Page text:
Another thing that I really like about this exercise is that in addition to it encouraging the dogs to approach and work with a new person, it helped to teach them to disengage and move away. This is a much needed life skill for dogs who get reactive and worried about people.

Jonah working with Kelly

The next day, we had another person available, so we did the same exercises with Jonah, but with Kelly, a new person who he had not worked with before. Jonah began to go back and forth with Kelly immediately and was performing known behaviors for her on cue shortly after.

Learning to disengage

All three dogs seem to have an issue with disengaging and walking away if they get worried or reactive. I wanted to start working on teaching them this skill of walking away and finding their owner when they are worried.

We worked on this with Cherry by putting her leash and taking her outside. Dawn and I would talk and Christine would walk Cherry up to me and allow her to sniff my leg, while I ignored her, for about 3 seconds. After 3 seconds Christine called Cherry to her while moving away from us and rewarded Cherry heavily. After just a few reps Cherry would sniff me and then look at Christine who would call her away and reinforce her for coming to her.

These dogs are barking, reacting because they don’t know what to do instead. This is important to consider because when we want to change a behavior or get rid of a behavior, the easiest way to do that is to train the animal to do something else.

Cherry table exam

Finally, we wanted to work on Cherry’s exam on the table. Cherry is a really pretty dog and would easily finish her championship, except that she doesn’t really enjoy showing. Sometimes she is better than other times, but in general she is not a fan of having strangers touch her all over her body.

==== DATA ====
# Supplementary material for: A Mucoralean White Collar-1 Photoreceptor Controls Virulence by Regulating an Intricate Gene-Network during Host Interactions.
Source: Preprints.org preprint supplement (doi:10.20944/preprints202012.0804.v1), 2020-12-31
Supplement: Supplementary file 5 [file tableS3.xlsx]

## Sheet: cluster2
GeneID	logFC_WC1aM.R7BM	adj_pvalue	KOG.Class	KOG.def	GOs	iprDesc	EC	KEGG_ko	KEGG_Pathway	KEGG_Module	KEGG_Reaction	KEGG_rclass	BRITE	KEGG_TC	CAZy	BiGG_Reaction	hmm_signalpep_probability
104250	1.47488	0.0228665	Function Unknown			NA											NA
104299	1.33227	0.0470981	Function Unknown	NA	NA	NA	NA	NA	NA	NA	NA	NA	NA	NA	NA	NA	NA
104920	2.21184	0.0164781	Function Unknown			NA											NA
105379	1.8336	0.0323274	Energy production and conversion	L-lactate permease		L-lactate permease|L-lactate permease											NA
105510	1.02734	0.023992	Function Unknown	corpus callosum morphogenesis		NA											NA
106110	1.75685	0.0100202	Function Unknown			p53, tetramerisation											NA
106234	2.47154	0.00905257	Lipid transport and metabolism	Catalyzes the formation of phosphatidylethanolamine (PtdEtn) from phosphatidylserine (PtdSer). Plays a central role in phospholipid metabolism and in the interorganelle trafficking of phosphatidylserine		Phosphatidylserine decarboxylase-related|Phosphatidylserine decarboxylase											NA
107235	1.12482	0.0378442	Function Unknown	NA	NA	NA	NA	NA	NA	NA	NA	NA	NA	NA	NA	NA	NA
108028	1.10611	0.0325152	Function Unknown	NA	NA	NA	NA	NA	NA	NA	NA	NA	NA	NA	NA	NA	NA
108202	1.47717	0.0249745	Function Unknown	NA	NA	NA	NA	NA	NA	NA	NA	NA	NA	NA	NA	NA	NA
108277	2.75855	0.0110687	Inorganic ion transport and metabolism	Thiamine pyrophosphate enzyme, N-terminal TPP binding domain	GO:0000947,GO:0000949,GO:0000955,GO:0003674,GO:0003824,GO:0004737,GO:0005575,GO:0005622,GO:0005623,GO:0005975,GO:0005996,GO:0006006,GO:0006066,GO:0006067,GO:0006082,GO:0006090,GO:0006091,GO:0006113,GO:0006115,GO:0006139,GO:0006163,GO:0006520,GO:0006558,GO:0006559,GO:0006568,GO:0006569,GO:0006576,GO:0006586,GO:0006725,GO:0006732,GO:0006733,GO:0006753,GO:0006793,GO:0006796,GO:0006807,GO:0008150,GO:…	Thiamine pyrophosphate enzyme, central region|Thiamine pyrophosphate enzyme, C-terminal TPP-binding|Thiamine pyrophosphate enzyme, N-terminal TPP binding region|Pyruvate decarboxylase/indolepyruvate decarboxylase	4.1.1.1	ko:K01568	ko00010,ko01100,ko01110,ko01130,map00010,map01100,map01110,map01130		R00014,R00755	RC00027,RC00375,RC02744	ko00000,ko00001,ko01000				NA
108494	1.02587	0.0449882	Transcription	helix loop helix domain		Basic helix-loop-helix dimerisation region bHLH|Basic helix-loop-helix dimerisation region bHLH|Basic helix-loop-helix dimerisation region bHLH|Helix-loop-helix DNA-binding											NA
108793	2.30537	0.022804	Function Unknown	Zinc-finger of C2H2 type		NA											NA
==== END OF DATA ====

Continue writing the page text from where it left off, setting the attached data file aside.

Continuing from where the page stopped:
• Again, I had Christine do some warm up training with Cherry before bringing her in the house to start the training.
  • We had the grooming table set up at the far end of two rooms near the door they would enter in. I was standing as far away as possible.
  • Cherry came in and was placed on the table. She was stacked and offered a treat.
  • I took a step forward and Christine fed her a treat. I stayed there, Cherry glanced at me, Christine offered another treat and I walked away. This is important because most dogs need that release of pressure during a training session. Duration of time can be a trigger for some dogs, so it is also important to take breaks in the training session.

    I was able to examine Cherry two days in a row.

  • Next, I took a step towards them, Cherry looked and then Christine fed a treat. I would either stay there, move away or come closer based on the responses I got from Cherry. I progressed to approaching Cherry, putting my hand out, putting my hand out and holding it there and then step by step progressed until I was able to completely examine Cherry on the table while she remained comfortable and relaxed.

Other Recommendations

My recommendation was that Dawn and Christine continue to practice what we worked on with new people. It is important that they choose people that are dog savvy, but who are willing to take direction and stick to the plan. In addition to that, I recommended the following:

  • Bring a platform to training classes so that the dogs can have a familiar, comfortable place to station and hang out on.
  • Do a short warm up training session before going into training classes and before sessions working on these things.
  • Remember to move slowly and at the dog’s pace.

On my last morning there, I was sitting on a chair drinking tea. Dawn, Christine and Dawn’s husband Jody were all sitting on the couch. Logan came up to me and asked for attention. I reached down and pet him for a few seconds and then stopped and looked away to give him a chance to leave. He didn’t leave so I petted some more. He climbed up and allowed me to lift him into my lap where I held him while watching TV for quite a while. Being invited to pick him up and spend time with him was both an honor and a testament to the training method. Allowing the dog to choose, giving space and choice goes a long way in building a trusting relationship with an animal. I think Dawn and Christine not only for bringing me to Colorado and hosting a workshop, but also for allowing me to work with and learn from their dogs. I am so grateful for the opportunity! I am excited to be returning in March of next year for three days of training and can’t wait to see where Logan, Jonah and Cherry are in their training programs.


Vicki Ronchette is the founder of Show Dog Prep School and a Certified Professional Dog Trainer. Vicki has been working with dogs professionally for over 30 years as a professional dog trainer and behavior consultant, groomer and veterinary assistant. She is the author of Positive Training for Show Dogs, From Shy to Showy and Ready? Set. SHOW! Vicki presents workshops and seminars all over the country on how training show dogs.